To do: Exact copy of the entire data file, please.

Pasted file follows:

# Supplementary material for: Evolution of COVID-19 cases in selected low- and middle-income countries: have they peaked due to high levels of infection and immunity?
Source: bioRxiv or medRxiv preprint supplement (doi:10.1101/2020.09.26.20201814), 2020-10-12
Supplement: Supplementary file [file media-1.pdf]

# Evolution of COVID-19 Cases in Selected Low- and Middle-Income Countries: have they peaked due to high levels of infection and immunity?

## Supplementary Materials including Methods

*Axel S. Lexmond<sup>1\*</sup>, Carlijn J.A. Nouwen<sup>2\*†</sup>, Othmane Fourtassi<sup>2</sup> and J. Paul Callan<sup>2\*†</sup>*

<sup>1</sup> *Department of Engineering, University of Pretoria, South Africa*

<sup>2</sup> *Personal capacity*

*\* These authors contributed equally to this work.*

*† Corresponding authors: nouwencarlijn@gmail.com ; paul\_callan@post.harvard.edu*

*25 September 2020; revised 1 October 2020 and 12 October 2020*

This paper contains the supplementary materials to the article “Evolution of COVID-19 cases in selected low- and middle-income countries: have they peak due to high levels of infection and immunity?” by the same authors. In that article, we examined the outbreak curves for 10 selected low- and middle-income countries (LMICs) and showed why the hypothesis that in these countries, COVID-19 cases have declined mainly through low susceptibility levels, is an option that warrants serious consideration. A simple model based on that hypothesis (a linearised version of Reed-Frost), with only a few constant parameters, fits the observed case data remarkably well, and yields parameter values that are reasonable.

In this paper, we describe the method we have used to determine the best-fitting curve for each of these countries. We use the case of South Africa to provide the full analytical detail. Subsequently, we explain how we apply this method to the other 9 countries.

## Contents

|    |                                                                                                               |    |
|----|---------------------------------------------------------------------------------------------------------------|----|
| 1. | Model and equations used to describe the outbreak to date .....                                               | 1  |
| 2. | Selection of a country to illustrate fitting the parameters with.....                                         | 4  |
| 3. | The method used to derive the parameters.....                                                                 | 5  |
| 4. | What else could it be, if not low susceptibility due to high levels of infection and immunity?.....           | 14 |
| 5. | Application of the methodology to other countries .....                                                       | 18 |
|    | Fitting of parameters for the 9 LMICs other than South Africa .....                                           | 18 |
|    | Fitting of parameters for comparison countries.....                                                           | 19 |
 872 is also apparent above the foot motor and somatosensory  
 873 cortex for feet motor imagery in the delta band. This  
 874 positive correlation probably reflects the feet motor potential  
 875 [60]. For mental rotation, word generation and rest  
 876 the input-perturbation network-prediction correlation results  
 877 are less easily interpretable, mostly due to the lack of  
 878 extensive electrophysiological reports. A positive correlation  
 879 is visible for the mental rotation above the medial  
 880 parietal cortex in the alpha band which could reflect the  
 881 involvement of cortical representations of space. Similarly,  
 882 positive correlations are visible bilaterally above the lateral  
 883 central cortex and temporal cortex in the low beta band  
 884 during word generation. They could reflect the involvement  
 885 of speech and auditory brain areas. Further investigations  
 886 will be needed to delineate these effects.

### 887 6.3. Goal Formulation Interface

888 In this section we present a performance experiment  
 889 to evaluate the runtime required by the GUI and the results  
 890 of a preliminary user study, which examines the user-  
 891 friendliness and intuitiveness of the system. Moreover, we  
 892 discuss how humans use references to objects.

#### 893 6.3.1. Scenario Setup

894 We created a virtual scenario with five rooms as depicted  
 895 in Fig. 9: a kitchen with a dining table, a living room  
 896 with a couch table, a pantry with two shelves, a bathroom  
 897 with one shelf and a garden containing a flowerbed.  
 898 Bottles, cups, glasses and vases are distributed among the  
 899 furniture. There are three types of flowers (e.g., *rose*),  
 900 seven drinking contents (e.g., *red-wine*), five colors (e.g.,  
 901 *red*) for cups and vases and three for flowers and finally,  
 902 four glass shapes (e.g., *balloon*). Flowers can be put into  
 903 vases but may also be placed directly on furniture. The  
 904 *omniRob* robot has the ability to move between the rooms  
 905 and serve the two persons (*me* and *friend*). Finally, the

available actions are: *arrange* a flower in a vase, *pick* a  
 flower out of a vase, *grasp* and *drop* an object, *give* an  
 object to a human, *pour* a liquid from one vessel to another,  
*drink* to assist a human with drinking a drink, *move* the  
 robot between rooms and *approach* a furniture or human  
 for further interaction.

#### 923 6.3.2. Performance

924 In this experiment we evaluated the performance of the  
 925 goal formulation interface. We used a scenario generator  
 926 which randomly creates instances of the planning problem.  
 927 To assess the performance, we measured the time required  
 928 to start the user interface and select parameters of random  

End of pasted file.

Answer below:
# Supplementary material for: Evolution of COVID-19 cases in selected low- and middle-income countries: have they peaked due to high levels of infection and immunity?
Source: bioRxiv or medRxiv preprint supplement (doi:10.1101/2020.09.26.20201814), 2020-10-12
Supplement: Supplementary file [file media-1.pdf]

# Evolution of COVID-19 Cases in Selected Low- and Middle-Income Countries: have they peaked due to high levels of infection and immunity?

## Supplementary Materials including Methods

*Axel S. Lexmond<sup>1\*</sup>, Carlijn J.A. Nouwen<sup>2\*†</sup>, Othmane Fourtassi<sup>2</sup> and J. Paul Callan<sup>2\*†</sup>*

<sup>1</sup> *Department of Engineering, University of Pretoria, South Africa*

<sup>2</sup> *Personal capacity*

*\* These authors contributed equally to this work.*

*† Corresponding authors: nouwencarlijn@gmail.com ; paul\_callan@post.harvard.edu*

*25 September 2020; revised 1 October 2020 and 12 October 2020*

This paper contains the supplementary materials to the article “Evolution of COVID-19 cases in selected low- and middle-income countries: have they peak due to high levels of infection and immunity?” by the same authors. In that article, we examined the outbreak curves for 10 selected low- and middle-income countries (LMICs) and showed why the hypothesis that in these countries, COVID-19 cases have declined mainly through low susceptibility levels, is an option that warrants serious consideration. A simple model based on that hypothesis (a linearised version of Reed-Frost), with only a few constant parameters, fits the observed case data remarkably well, and yields parameter values that are reasonable.

In this paper, we describe the method we have used to determine the best-fitting curve for each of these countries. We use the case of South Africa to provide the full analytical detail. Subsequently, we explain how we apply this method to the other 9 countries.

## Contents

|    |                                                                                                               |    |
|----|---------------------------------------------------------------------------------------------------------------|----|
| 1. | Model and equations used to describe the outbreak to date .....                                               | 1  |
| 2. | Selection of a country to illustrate fitting the parameters with.....                                         | 4  |
| 3. | The method used to derive the parameters.....                                                                 | 5  |
| 4. | What else could it be, if not low susceptibility due to high levels of infection and immunity?.....           | 14 |
| 5. | Application of the methodology to other countries .....                                                       | 18 |
|    | Fitting of parameters for the 9 LMICs other than South Africa .....                                           | 18 |
|    | Fitting of parameters for comparison countries.....                                                           | 19 |
 872 is also apparent above the foot motor and somatosensory  
 873 cortex for feet motor imagery in the delta band. This  
 874 positive correlation probably reflects the feet motor potential  
 875 [60]. For mental rotation, word generation and rest  
 876 the input-perturbation network-prediction correlation results  
 877 are less easily interpretable, mostly due to the lack of  
 878 extensive electrophysiological reports. A positive correlation  
 879 is visible for the mental rotation above the medial  
 880 parietal cortex in the alpha band which could reflect the  
 881 involvement of cortical representations of space. Similarly,  
 882 positive correlations are visible bilaterally above the lateral  
 883 central cortex and temporal cortex in the low beta band  
 884 during word generation. They could reflect the involvement  
 885 of speech and auditory brain areas. Further investigations  
 886 will be needed to delineate these effects.

### 887 6.3. Goal Formulation Interface

888 In this section we present a performance experiment  
 889 to evaluate the runtime required by the GUI and the results  
 890 of a preliminary user study, which examines the user-  
 891 friendliness and intuitiveness of the system. Moreover, we  
 892 discuss how humans use references to objects.

#### 893 6.3.1. Scenario Setup

894 We created a virtual scenario with five rooms as depicted  
 895 in Fig. 9: a kitchen with a dining table, a living room  
 896 with a couch table, a pantry with two shelves, a bathroom  
 897 with one shelf and a garden containing a flowerbed.  
 898 Bottles, cups, glasses and vases are distributed among the  
 899 furniture. There are three types of flowers (e.g., *rose*),  
 900 seven drinking contents (e.g., *red-wine*), five colors (e.g.,  
 901 *red*) for cups and vases and three for flowers and finally,  
 902 four glass shapes (e.g., *balloon*). Flowers can be put into  
 903 vases but may also be placed directly on furniture. The  
 904 *omniRob* robot has the ability to move between the rooms  
 905 and serve the two persons (*me* and *friend*). Finally, the

available actions are: *arrange* a flower in a vase, *pick* a  
 flower out of a vase, *grasp* and *drop* an object, *give* an  
 object to a human, *pour* a liquid from one vessel to another,  
*drink* to assist a human with drinking a drink, *move* the  
 robot between rooms and *approach* a furniture or human  
 for further interaction.

#### 923 6.3.2. Performance

924 In this experiment we evaluated the performance of the  
 925 goal formulation interface. We used a scenario generator  
 926 which randomly creates instances of the planning problem.  
 927 To assess the performance, we measured the time required  
 928 to start the user interface and select parameters of random  